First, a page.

Gageler J, in dissent, would have held the legislation invalid on Kable grounds.  His Honour noted that the Court should not strain to interpret legislation as constitutionally valid if that meant departing from ordinary principles of statutory construction or the plain meaning of the legislative text.  In his Honour's view, the text and legislative history made clear that s 133AB conferred a power of detention on police for the specified periods without any purposive limitation.  As stated by the Attorney-General during parliamentary debates on the amendments, it was "a form of catch and release."

His Honour concluded that the Act authorised punitive detention.  The period of detention was not reasonably necessary to achieve any orthodox law enforcement purpose and was left to the discretion of police.  As such, it was a punitive power, under which police acted not as accuser but as judge.

Gageler J considered that it was inconsistent with the institutional integrity of the NT courts that they would be obliged, in any proceedings following from the detention, to recognise this punitive executive detention.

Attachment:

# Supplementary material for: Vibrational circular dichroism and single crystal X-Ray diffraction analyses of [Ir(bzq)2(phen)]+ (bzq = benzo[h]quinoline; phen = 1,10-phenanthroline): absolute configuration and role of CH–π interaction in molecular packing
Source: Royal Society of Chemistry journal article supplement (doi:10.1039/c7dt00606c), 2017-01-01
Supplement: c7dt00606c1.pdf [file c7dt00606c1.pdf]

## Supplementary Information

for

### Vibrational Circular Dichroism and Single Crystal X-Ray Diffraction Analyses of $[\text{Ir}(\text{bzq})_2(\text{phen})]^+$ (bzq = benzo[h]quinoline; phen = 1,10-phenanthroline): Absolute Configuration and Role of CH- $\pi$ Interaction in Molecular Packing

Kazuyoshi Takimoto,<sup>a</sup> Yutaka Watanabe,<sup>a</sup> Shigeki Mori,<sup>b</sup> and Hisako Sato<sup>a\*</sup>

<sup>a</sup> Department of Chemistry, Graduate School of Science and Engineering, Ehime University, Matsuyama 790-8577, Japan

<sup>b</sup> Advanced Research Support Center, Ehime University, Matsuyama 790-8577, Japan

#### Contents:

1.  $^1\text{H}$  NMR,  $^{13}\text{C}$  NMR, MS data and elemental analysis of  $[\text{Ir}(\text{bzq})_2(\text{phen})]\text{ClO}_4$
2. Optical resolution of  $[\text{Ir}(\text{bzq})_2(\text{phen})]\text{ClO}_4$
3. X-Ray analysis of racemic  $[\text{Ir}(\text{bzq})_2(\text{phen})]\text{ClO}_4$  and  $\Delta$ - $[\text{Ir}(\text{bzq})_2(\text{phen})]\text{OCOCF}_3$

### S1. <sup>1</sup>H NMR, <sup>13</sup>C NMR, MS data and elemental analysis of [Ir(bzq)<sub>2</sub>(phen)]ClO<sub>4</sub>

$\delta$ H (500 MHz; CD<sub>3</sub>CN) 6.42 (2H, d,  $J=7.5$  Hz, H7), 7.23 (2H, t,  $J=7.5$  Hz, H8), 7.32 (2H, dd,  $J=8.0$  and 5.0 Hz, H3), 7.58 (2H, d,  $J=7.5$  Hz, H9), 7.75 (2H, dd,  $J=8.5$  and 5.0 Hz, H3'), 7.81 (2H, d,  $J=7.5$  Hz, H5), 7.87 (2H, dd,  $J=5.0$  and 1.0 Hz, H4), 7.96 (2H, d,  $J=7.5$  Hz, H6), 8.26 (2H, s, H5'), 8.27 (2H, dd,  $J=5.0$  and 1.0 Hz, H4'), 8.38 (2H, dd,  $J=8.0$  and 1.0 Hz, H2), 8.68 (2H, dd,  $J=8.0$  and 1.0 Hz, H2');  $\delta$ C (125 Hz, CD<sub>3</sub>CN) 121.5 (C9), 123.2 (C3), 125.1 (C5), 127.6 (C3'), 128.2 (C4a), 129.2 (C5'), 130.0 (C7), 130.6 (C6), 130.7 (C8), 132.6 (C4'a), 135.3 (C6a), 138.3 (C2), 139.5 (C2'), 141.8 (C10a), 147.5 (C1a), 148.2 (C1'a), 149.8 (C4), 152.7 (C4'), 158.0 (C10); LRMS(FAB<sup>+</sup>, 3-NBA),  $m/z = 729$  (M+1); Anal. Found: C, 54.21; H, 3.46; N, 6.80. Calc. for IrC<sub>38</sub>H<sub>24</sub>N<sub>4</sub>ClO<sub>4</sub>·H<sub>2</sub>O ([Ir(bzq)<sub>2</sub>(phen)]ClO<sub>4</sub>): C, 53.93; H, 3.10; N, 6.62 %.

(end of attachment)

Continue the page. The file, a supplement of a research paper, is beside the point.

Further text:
While the Court upheld s 133AB, the majority confined its operation having regard to the principle of legality.  That may reduce the impact of the "paperless arrest" power and is a reminder of the power of the principle in Australian law.  However, Gageler J's dissent (which reasoned that the majority's construction was divorced from the text of the legislation) highlights the risk that, if the principle gives rise to a strained statutory construction, it could produce results which are difficult to apply in practice and for the public to understand.

Gageler J's dissent also highlighted the potential significance of the Kable doctrine (which applies to all the states and territories) for the protection of human rights.  Because they adopted a different statutory construction, the majority judges (apart from Keane J) did not consider in any detail the circumstances in which involving the court in recognising punitive detention by the executive would breach the Kable principle.  The Court may pick up this thread in future cases.

Josephine Langbien is a lawyer at Ashurst.

Note: The Human Rights Law Centre acted in this case with the kind assistance of Ashurst and barristers from the Victorian bar. You can read our media release about the decision here.